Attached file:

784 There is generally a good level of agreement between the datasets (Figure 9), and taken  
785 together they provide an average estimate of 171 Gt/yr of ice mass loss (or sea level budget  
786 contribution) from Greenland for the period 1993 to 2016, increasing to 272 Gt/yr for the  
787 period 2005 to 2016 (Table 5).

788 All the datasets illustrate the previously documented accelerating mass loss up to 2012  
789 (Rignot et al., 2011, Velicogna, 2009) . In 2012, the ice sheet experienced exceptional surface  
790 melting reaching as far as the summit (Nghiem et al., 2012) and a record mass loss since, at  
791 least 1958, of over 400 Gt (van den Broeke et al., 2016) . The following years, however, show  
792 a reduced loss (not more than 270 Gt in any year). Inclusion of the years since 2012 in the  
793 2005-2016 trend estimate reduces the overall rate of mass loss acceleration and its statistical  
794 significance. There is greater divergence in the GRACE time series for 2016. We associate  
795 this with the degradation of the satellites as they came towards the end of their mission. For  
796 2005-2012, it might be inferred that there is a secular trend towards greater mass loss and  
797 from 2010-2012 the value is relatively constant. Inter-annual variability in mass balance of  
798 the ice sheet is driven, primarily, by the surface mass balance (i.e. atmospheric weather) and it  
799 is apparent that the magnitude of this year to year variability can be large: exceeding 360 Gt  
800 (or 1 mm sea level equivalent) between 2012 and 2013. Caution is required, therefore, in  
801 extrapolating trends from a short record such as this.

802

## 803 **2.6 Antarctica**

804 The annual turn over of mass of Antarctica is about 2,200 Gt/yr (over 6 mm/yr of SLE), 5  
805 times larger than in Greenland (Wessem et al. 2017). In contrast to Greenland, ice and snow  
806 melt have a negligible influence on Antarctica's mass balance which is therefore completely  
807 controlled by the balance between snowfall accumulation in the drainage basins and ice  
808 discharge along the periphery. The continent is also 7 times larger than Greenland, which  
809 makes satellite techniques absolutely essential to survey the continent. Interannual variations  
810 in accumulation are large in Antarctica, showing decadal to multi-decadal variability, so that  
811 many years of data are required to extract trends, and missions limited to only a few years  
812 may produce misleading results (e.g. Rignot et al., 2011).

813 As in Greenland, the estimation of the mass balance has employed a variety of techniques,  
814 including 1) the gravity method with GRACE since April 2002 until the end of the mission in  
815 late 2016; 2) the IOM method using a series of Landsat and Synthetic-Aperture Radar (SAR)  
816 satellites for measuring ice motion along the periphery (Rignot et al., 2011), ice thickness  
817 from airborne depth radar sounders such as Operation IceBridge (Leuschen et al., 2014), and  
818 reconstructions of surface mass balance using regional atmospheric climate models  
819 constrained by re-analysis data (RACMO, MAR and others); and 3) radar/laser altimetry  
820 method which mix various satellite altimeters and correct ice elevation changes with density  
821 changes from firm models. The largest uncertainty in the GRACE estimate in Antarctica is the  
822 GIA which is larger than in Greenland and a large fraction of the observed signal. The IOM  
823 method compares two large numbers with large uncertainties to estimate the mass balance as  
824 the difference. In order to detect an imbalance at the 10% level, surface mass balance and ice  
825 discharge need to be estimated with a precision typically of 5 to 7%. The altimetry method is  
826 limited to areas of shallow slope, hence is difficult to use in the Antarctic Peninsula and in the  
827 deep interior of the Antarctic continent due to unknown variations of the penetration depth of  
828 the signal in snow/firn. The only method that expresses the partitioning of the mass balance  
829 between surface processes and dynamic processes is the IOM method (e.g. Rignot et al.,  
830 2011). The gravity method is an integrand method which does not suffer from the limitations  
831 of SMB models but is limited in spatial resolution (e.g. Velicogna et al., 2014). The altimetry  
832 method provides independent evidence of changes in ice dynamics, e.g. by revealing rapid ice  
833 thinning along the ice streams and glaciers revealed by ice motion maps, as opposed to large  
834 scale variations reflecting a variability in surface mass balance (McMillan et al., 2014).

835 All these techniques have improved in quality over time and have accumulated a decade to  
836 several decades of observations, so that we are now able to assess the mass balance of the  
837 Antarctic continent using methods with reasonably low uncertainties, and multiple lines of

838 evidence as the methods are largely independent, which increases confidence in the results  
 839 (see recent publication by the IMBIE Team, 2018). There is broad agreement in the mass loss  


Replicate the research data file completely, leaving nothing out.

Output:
784 There is generally a good level of agreement between the datasets (Figure 9), and taken  
785 together they provide an average estimate of 171 Gt/yr of ice mass loss (or sea level budget  
786 contribution) from Greenland for the period 1993 to 2016, increasing to 272 Gt/yr for the  
787 period 2005 to 2016 (Table 5).

788 All the datasets illustrate the previously documented accelerating mass loss up to 2012  
789 (Rignot et al., 2011, Velicogna, 2009) . In 2012, the ice sheet experienced exceptional surface  
790 melting reaching as far as the summit (Nghiem et al., 2012) and a record mass loss since, at  
791 least 1958, of over 400 Gt (van den Broeke et al., 2016) . The following years, however, show  
792 a reduced loss (not more than 270 Gt in any year). Inclusion of the years since 2012 in the  
793 2005-2016 trend estimate reduces the overall rate of mass loss acceleration and its statistical  
794 significance. There is greater divergence in the GRACE time series for 2016. We associate  
795 this with the degradation of the satellites as they came towards the end of their mission. For  
796 2005-2012, it might be inferred that there is a secular trend towards greater mass loss and  
797 from 2010-2012 the value is relatively constant. Inter-annual variability in mass balance of  
798 the ice sheet is driven, primarily, by the surface mass balance (i.e. atmospheric weather) and it  
799 is apparent that the magnitude of this year to year variability can be large: exceeding 360 Gt  
800 (or 1 mm sea level equivalent) between 2012 and 2013. Caution is required, therefore, in  
801 extrapolating trends from a short record such as this.

802

## 803 **2.6 Antarctica**

804 The annual turn over of mass of Antarctica is about 2,200 Gt/yr (over 6 mm/yr of SLE), 5  
805 times larger than in Greenland (Wessem et al. 2017). In contrast to Greenland, ice and snow  
806 melt have a negligible influence on Antarctica's mass balance which is therefore completely  
807 controlled by the balance between snowfall accumulation in the drainage basins and ice  
808 discharge along the periphery. The continent is also 7 times larger than Greenland, which  
809 makes satellite techniques absolutely essential to survey the continent. Interannual variations  
810 in accumulation are large in Antarctica, showing decadal to multi-decadal variability, so that  
811 many years of data are required to extract trends, and missions limited to only a few years  
812 may produce misleading results (e.g. Rignot et al., 2011).

813 As in Greenland, the estimation of the mass balance has employed a variety of techniques,  
814 including 1) the gravity method with GRACE since April 2002 until the end of the mission in  
815 late 2016; 2) the IOM method using a series of Landsat and Synthetic-Aperture Radar (SAR)  
816 satellites for measuring ice motion along the periphery (Rignot et al., 2011), ice thickness  
817 from airborne depth radar sounders such as Operation IceBridge (Leuschen et al., 2014), and  
818 reconstructions of surface mass balance using regional atmospheric climate models  
819 constrained by re-analysis data (RACMO, MAR and others); and 3) radar/laser altimetry  
820 method which mix various satellite altimeters and correct ice elevation changes with density  
821 changes from firm models. The largest uncertainty in the GRACE estimate in Antarctica is the  
822 GIA which is larger than in Greenland and a large fraction of the observed signal. The IOM  
823 method compares two large numbers with large uncertainties to estimate the mass balance as  
824 the difference. In order to detect an imbalance at the 10% level, surface mass balance and ice  
825 discharge need to be estimated with a precision typically of 5 to 7%. The altimetry method is  
826 limited to areas of shallow slope, hence is difficult to use in the Antarctic Peninsula and in the  
827 deep interior of the Antarctic continent due to unknown variations of the penetration depth of  
828 the signal in snow/firn. The only method that expresses the partitioning of the mass balance  
829 between surface processes and dynamic processes is the IOM method (e.g. Rignot et al.,  
830 2011). The gravity method is an integrand method which does not suffer from the limitations  
831 of SMB models but is limited in spatial resolution (e.g. Velicogna et al., 2014). The altimetry  
832 method provides independent evidence of changes in ice dynamics, e.g. by revealing rapid ice  
833 thinning along the ice streams and glaciers revealed by ice motion maps, as opposed to large  
834 scale variations reflecting a variability in surface mass balance (McMillan et al., 2014).

835 All these techniques have improved in quality over time and have accumulated a decade to  
836 several decades of observations, so that we are now able to assess the mass balance of the  
837 Antarctic continent using methods with reasonably low uncertainties, and multiple lines of

838 evidence as the methods are largely independent, which increases confidence in the results  
 839 (see recent publication by the IMBIE Team, 2018). There is broad agreement in the mass loss  